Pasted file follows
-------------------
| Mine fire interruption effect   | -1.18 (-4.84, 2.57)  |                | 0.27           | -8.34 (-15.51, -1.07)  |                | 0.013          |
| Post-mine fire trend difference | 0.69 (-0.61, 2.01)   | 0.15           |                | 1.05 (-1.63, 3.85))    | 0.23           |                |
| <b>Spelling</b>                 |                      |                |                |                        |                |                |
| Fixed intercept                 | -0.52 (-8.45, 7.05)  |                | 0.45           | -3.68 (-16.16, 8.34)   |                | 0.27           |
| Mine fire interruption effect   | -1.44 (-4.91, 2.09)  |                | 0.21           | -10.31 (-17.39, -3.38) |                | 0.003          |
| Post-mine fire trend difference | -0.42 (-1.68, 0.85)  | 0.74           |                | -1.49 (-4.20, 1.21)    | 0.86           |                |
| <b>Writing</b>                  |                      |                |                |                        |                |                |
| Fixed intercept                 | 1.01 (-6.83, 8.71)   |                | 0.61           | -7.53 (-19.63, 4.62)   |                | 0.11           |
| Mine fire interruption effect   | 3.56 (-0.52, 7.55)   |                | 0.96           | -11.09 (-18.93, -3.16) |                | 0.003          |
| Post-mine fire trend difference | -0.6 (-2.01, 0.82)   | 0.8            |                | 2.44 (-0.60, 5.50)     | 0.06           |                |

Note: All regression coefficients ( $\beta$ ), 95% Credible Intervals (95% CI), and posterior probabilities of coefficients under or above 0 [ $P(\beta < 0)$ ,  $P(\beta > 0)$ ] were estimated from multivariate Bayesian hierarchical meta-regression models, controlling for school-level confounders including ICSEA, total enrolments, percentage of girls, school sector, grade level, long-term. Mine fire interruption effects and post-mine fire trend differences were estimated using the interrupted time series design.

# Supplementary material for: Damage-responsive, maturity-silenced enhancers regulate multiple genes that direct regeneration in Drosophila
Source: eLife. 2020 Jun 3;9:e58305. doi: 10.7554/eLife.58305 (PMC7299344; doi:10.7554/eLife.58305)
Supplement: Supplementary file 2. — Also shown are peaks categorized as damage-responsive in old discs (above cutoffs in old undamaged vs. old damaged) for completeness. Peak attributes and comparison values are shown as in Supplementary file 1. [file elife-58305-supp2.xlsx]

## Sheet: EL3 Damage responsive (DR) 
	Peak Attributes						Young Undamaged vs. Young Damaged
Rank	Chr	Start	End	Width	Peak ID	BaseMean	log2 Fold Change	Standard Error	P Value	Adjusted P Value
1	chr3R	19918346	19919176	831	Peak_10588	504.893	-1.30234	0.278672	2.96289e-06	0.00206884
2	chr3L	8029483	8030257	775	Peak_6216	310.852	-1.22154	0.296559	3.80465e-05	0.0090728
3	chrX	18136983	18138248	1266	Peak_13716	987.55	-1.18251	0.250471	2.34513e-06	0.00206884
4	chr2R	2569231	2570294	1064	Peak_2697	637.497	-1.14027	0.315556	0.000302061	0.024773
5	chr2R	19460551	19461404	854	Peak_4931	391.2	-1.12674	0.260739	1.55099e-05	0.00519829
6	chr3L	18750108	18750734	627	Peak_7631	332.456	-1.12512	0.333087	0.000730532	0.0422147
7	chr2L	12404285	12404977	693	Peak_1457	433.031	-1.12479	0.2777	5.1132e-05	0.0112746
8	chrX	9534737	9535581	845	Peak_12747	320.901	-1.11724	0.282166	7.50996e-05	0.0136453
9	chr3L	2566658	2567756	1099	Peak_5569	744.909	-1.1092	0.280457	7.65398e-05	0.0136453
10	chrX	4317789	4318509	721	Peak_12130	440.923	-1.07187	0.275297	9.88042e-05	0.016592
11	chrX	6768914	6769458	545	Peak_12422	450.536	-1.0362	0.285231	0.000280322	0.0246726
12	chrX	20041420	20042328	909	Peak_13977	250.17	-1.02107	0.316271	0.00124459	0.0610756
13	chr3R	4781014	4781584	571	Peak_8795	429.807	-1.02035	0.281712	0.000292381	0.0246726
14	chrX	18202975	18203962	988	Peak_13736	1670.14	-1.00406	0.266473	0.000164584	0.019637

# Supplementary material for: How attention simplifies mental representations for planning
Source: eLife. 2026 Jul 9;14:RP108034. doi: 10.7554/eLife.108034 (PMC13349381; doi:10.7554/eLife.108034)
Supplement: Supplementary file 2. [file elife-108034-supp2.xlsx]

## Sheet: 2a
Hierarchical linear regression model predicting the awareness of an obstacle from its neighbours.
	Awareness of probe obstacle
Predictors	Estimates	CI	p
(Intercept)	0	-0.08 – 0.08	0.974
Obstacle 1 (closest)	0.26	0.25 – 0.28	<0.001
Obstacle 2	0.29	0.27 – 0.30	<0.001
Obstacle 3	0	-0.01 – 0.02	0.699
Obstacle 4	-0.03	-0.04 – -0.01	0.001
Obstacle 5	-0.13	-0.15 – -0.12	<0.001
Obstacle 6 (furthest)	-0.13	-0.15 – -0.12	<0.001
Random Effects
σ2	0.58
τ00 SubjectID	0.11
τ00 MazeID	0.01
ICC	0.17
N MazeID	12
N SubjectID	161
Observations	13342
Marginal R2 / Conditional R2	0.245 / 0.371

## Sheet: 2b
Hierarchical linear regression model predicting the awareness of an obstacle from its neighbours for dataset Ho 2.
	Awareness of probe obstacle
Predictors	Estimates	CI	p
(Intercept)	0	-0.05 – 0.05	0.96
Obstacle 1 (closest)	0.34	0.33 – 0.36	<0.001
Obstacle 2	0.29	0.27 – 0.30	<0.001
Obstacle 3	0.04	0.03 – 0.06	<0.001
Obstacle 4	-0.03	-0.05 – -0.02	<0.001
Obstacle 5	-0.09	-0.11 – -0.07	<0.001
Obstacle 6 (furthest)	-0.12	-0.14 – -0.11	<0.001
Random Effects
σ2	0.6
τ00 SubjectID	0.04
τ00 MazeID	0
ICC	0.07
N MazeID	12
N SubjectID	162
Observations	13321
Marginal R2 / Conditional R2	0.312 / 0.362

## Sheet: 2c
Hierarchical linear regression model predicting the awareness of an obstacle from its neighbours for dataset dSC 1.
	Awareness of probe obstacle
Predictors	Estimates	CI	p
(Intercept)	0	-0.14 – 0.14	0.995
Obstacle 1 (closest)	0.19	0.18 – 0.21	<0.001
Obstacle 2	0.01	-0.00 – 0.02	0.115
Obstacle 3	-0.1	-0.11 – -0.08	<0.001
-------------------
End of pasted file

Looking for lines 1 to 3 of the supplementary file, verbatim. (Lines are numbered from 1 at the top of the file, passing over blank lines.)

| Mine fire interruption effect   | -1.18 (-4.84, 2.57)  |                | 0.27           | -8.34 (-15.51, -1.07)  |                | 0.013          |
| Post-mine fire trend difference | 0.69 (-0.61, 2.01)   | 0.15           |                | 1.05 (-1.63, 3.85))    | 0.23           |                |
| <b>Spelling</b>                 |                      |                |                |                        |                |                |